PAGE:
Comments: In a hemodynamically unstable patient with blunt abdominal trauma, identification of free fluid in the abdomen directly affects management. Abdominal free fluid is an indication for emergent laparotomy. Bedside ultrasound performed by a credentialed operator has been shown to have high sensitivity and specificity for identifying abdominal free fluid and has no known side effects. However, it is not useful for identification of a source of bleeding or for the evaluation of hollow viscera.


    Does oral contrast improve the diagnostic performance of CT in blunt abdominal trauma? 

    PILevel A recommendations: None specified.

    PILevel B recommendations: Oral contrast is not required in the diagnostic imaging for evaluation of blunt abdominal trauma (all of the studies reviewed included the use of IV contrast).

    PILevel C recommendations: For patients with a negative CT result with IV contrast only, in whom there is high suspicion of bowel injury, further evaluation or close follow-up is indicated.

    Comments: CT scan with IV contrast has mostly replaced diagnostic peritoneal lavage as the criterion standard for identification of intra-abdominal injuries in stable blunt abdominal trauma patients. Despite some local practices to use oral contrast for patients with blunt abdominal trauma, data supporting its use are limited. In addition, the use of oral contrast may necessitate delayed imaging to allow it to transit the bowel.


    In a clinically stable patient with isolated blunt abdominal trauma, is it safe to discharge the patient after a negative abdominal CT scan result? 

    PILevel A recommendations: None specified.

    PILevel B recommendations: Clinically stable patients with isolated blunt abdominal trauma can be safely discharged after a negative result for abdominal CT with IV contrast.

    PILevel C recommendations: Further observation, close follow-up, and/or imaging may be warranted in select patients based on clinical judgment.

    Comments: With increasing ED wait times and hospital crowding, the question of ED observation time has become increasingly pertinent. The risk of delayed presentation of intra-abdominal injury with normal CT scans with IV contrast has been shown to be small. With further advances in CT scanning technology, including the widespread use of 64-slice scanners, the sensitivity of CT for identification of intra-abdominal injury is expected to increase.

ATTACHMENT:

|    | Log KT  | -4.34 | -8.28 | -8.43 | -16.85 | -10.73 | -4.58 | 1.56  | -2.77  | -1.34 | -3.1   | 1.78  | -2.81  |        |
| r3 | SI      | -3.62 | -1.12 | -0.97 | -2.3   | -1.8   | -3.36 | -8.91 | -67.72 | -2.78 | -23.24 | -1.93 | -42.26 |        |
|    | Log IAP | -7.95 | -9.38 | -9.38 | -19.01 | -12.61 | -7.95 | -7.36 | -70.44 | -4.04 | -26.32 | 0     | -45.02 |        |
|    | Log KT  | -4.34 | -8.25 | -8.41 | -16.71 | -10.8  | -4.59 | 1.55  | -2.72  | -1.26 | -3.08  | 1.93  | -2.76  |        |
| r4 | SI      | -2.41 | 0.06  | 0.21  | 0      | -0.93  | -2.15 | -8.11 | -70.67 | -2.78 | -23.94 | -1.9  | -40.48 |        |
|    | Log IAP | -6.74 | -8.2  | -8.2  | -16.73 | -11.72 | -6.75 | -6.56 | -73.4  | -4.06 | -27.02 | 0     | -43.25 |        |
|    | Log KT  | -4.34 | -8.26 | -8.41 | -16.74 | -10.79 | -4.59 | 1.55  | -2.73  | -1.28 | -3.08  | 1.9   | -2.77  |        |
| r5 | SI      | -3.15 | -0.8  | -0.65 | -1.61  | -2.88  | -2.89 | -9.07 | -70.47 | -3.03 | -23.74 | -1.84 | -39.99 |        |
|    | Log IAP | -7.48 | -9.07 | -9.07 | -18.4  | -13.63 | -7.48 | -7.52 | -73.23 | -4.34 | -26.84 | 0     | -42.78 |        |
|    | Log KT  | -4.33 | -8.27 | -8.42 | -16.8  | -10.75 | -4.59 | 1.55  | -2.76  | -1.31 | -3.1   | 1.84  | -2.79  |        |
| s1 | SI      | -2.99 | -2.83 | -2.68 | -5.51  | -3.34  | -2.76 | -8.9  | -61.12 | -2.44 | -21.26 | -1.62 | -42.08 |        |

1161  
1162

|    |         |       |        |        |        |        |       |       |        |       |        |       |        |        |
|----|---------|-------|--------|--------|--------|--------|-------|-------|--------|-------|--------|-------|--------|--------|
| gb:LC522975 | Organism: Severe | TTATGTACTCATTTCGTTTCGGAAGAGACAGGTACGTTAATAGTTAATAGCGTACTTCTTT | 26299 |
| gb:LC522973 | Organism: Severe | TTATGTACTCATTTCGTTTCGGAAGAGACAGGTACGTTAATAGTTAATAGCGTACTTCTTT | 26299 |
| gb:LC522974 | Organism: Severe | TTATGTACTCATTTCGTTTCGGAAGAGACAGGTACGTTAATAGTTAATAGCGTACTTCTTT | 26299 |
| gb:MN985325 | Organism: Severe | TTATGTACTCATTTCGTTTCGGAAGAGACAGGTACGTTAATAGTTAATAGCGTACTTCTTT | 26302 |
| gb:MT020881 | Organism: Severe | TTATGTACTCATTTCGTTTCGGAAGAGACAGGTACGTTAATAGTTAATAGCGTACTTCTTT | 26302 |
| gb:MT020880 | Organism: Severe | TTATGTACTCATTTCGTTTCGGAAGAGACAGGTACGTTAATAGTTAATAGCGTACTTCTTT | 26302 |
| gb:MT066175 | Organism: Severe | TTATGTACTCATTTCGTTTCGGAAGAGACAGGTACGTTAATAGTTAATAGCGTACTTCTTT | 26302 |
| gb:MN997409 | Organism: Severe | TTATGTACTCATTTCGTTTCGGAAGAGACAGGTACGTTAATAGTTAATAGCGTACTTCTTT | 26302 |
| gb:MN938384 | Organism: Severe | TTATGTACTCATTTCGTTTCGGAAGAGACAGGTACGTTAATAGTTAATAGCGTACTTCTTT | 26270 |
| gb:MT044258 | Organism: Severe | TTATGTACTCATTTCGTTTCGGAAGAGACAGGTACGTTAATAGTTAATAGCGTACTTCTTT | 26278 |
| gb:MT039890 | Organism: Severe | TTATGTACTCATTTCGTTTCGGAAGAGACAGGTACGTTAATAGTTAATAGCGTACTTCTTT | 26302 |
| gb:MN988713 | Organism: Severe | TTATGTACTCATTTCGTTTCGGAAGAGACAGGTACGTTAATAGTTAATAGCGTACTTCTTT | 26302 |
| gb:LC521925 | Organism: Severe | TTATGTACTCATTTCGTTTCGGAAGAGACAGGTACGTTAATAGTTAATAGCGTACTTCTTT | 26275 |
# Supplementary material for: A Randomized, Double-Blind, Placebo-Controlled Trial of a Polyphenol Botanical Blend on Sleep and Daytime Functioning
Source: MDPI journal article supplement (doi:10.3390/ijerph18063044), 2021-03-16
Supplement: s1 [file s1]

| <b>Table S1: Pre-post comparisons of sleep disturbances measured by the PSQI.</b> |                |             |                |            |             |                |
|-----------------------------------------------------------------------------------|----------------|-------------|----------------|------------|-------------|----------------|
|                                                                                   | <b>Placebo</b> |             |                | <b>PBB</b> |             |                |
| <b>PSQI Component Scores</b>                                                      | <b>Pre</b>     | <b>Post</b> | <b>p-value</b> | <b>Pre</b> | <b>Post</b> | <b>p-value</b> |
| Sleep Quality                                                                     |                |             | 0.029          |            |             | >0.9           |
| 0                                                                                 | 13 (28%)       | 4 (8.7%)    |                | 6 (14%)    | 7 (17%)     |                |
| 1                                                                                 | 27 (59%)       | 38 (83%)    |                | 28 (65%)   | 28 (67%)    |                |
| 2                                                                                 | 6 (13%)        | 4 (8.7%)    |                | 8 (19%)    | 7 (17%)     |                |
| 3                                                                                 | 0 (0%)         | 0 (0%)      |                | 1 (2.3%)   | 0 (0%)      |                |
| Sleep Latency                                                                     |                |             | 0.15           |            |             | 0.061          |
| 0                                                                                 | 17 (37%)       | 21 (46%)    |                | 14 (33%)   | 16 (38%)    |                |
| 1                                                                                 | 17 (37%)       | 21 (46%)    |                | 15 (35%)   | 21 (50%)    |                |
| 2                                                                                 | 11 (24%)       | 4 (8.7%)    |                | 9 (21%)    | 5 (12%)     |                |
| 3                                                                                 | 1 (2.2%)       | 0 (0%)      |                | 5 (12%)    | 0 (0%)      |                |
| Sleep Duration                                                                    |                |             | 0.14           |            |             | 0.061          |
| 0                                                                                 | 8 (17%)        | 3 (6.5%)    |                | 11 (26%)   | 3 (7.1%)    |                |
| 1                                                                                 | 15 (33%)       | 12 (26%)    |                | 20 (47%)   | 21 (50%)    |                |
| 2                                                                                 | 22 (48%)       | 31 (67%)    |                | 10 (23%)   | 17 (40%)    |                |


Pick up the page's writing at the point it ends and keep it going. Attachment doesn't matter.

In patients with isolated blunt abdominal trauma, are there clinical predictors that allow the clinician to identify patients at low risk for adverse outcome who do not need an abdominal CT? 

    PILevel A recommendations: None specified.

    PILevel B recommendations: None specified.

    PILevel C recommendations: Patients with isolated abdominal trauma for whom occult abdominal injury is being considered may not need abdominal CT scanning if the following are absent: abdominal tenderness, hypotension, altered mental status, costal margin tenderness, abnormal chest radiograph, hematocrit under 30%, and hematuria.

    Comments: CT has become the criterion standard imaging study in high-risk patients with blunt abdominal injuries. However, there has been increased concern regarding long-term effects of radiation, especially in younger patients. Use of specific patient characteristics as defined by a clinical decision rule or variables shown to be independently associated with poor outcome may help guide imaging.

    Ways to identify patients who do not require diagnostic imaging have not been adequately studied and should be a focus of further research.

    This clinical policy is not intended to be generalized to multitrauma patients. The treating physician's clinical judgment regarding the patient's risk for serious injury should take precedence over any clinical decision rules.